For the majority of skaters, earning admission to Nationals is itself the prize. This is not about those skaters, who can indeed take pride in every stride made. It is the process of entry into the international elite — the point at which an athlete may begin to seek a return on financial investment, sponsorship opportunities, and the kind of achievement actually recognizable to those outside the skating bubble — that is nearly its own barrier. A good enough performance at a Nationals or a small club-hosted event in the summer will probably help to secure a good enough international — probably a minor Senior B or Challenger (but careful — spots by nation are limited there, and first priority will go to those Grand Prix competitors who hope to test the waters before their more meaningful events). It is little capital compared to what many others already have and will further build on, and your best shot at growing that wealth into a meaningful nest egg is to compete in an unstable field, as, perhaps, a youthful and relatively inexperienced Bradie Tennell found after delivering the most technically consistent set of performances for any U.S. lady entering 2018.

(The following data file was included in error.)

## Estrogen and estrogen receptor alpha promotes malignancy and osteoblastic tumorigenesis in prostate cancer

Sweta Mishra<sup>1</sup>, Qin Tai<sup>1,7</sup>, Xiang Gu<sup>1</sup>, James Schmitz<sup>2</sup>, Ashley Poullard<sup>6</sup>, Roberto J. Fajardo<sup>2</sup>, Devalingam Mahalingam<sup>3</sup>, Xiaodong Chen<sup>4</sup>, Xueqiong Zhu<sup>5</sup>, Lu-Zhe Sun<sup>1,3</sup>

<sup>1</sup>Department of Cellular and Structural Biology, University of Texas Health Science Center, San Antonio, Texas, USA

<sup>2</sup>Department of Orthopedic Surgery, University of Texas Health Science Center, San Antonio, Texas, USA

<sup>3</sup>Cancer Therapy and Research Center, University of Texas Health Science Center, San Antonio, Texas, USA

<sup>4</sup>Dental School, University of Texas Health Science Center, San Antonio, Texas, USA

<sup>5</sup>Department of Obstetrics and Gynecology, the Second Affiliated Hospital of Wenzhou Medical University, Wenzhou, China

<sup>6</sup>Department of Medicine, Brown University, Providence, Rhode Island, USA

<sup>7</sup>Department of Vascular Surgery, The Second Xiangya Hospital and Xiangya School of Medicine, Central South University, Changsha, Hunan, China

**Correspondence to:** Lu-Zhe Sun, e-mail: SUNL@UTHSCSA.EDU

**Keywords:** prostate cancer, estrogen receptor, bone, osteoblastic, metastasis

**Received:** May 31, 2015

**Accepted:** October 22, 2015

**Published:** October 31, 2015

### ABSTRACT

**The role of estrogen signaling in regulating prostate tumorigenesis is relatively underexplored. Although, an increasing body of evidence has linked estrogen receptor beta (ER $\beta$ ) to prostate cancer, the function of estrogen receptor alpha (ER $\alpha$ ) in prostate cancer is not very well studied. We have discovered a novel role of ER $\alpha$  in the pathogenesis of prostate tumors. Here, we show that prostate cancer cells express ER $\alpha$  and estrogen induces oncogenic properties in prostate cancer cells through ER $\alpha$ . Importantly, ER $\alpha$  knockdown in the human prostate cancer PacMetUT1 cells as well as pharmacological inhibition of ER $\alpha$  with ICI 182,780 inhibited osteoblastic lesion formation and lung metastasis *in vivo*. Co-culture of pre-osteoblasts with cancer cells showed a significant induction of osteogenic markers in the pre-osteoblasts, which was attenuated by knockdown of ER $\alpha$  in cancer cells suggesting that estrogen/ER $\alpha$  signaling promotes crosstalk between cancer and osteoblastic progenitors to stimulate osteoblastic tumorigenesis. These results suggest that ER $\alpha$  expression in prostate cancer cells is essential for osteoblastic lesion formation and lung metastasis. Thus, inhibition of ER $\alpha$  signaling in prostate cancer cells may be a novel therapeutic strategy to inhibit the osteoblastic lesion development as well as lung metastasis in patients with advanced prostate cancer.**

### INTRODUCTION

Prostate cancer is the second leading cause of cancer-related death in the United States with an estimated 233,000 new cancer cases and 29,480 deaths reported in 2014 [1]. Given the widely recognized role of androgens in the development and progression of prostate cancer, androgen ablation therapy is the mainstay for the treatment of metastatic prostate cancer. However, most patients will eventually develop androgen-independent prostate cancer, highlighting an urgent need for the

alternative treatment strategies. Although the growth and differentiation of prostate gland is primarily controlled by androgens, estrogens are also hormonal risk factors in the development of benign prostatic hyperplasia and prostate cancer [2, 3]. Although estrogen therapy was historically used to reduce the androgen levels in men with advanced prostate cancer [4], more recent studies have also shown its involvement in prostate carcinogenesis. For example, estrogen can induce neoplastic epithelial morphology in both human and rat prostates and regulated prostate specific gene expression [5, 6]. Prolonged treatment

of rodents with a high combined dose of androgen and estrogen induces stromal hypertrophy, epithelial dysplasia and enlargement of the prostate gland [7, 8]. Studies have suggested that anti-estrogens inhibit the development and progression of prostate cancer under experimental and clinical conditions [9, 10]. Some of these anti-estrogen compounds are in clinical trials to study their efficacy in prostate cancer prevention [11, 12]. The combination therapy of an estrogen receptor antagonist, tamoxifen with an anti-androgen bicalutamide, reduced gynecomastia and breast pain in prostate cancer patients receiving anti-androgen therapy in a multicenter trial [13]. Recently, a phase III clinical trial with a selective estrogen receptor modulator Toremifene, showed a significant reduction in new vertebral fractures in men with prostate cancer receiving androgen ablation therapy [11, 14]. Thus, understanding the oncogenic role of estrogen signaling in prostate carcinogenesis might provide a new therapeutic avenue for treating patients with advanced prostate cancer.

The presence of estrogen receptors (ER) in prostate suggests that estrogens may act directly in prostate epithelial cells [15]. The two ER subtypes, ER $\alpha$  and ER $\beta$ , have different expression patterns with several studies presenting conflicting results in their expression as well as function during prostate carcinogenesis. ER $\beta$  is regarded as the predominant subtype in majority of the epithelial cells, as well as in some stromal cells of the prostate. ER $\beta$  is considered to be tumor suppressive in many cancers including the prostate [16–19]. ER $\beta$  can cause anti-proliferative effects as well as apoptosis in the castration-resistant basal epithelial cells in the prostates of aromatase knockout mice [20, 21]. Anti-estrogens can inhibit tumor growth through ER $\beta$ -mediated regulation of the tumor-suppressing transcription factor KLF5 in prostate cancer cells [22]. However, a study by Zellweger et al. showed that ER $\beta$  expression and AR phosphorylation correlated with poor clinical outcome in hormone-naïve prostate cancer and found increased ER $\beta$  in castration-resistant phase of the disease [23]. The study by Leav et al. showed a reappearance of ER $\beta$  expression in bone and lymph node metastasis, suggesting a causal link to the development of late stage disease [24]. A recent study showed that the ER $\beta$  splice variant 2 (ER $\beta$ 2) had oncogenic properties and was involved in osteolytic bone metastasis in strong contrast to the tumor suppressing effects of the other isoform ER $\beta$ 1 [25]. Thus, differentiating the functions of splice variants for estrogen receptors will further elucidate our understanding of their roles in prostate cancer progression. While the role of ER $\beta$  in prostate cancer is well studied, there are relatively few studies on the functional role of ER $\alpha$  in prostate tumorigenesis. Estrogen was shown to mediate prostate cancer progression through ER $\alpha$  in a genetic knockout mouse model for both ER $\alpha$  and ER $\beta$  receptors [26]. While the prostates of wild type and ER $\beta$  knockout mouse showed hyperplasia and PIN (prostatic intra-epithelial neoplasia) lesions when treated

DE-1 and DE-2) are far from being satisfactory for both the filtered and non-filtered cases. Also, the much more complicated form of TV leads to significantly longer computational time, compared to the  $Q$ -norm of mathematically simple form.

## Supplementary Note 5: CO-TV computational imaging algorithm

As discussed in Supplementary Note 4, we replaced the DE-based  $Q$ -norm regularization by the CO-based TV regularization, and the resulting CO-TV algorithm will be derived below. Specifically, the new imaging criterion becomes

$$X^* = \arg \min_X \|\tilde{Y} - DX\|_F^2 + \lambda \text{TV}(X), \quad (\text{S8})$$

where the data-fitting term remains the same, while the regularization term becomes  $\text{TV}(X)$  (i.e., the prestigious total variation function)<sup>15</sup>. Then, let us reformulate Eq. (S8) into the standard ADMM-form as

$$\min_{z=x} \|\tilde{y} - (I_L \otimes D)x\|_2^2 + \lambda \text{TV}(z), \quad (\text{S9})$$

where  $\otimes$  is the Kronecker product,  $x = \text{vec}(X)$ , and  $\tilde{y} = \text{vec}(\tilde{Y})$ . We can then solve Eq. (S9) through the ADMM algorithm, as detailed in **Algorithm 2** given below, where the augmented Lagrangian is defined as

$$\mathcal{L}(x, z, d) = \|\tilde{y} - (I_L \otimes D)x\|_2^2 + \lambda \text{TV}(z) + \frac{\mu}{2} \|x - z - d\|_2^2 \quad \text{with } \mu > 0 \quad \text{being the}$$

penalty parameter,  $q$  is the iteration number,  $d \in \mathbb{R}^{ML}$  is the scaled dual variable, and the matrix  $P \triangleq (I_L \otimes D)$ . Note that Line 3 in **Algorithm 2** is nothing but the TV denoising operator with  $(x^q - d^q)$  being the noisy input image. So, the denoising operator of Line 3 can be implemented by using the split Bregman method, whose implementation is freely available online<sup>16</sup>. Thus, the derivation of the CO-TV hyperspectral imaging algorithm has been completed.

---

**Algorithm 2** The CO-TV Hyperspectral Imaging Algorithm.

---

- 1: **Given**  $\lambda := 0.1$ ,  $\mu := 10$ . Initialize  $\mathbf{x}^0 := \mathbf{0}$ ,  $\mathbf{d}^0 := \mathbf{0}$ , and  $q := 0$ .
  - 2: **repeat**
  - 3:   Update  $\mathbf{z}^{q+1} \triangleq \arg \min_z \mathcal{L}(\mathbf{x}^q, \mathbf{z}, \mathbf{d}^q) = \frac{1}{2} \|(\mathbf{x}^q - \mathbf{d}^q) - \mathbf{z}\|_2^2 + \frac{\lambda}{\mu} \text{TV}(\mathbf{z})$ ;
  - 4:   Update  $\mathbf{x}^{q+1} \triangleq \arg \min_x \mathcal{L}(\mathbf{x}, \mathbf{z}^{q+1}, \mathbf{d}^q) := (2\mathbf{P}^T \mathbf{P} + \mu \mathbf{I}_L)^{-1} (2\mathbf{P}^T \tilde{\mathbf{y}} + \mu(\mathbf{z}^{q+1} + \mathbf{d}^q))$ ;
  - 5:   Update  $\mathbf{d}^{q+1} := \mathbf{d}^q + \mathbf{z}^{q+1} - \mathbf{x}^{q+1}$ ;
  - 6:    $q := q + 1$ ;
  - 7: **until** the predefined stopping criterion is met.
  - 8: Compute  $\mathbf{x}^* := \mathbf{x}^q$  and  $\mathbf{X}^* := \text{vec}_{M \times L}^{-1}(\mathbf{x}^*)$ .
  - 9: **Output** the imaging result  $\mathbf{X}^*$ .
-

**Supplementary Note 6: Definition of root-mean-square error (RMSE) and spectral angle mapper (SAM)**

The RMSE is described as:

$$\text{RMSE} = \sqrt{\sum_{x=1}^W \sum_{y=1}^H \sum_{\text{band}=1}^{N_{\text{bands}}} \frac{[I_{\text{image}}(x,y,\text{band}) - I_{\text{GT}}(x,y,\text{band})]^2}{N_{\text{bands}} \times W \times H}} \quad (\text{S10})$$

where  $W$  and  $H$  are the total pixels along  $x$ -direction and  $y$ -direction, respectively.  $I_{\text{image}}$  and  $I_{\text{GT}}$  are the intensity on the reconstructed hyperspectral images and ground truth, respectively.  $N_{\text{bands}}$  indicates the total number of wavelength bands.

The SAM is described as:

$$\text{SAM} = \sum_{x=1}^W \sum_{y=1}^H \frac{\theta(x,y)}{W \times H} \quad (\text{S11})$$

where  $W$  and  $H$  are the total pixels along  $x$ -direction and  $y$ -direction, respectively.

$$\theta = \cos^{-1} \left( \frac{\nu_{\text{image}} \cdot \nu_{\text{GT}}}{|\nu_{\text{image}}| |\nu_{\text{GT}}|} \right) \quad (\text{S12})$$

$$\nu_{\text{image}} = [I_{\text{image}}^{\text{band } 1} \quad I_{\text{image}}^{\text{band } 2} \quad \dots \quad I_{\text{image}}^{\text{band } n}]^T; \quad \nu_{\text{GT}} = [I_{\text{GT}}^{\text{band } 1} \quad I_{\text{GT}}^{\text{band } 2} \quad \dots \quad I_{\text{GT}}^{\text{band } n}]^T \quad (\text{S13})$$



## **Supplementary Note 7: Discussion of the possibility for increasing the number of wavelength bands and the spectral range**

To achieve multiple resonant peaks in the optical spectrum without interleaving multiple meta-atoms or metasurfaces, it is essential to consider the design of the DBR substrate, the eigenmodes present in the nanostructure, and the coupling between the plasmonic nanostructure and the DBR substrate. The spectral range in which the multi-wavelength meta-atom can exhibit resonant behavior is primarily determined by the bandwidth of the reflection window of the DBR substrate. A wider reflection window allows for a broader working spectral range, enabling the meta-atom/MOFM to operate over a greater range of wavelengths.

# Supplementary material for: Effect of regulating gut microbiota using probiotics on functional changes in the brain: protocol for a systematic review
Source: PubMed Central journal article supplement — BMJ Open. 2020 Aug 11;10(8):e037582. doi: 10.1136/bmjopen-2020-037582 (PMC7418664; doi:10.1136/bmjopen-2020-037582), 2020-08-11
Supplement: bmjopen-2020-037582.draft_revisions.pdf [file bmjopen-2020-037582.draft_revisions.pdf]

We know already that in life, success comes most easily to those starting on the right foot. Life, as many love to repeat, is not fair. Sport differs from reality in one significant degree: no one is really born into their future status. Some athletes will have an easier early path than others, but there is a great degree of work and sacrifice necessary for any to come within reach of the top rungs. It is that distinction between “almost ran” and “arrived” that is most vulnerable to a heightened emphasis on provable achievement. If the old axiom tells us scores across differently-judged competitions cannot be compared against one another, to what end does it begin to prove reasonable to compare results from distinct competitions? If a federation body is itself largely responsible for a skater’s shot at the international circuit, what responsibility does it bear for setting into play the very body of work it will use as a criteria?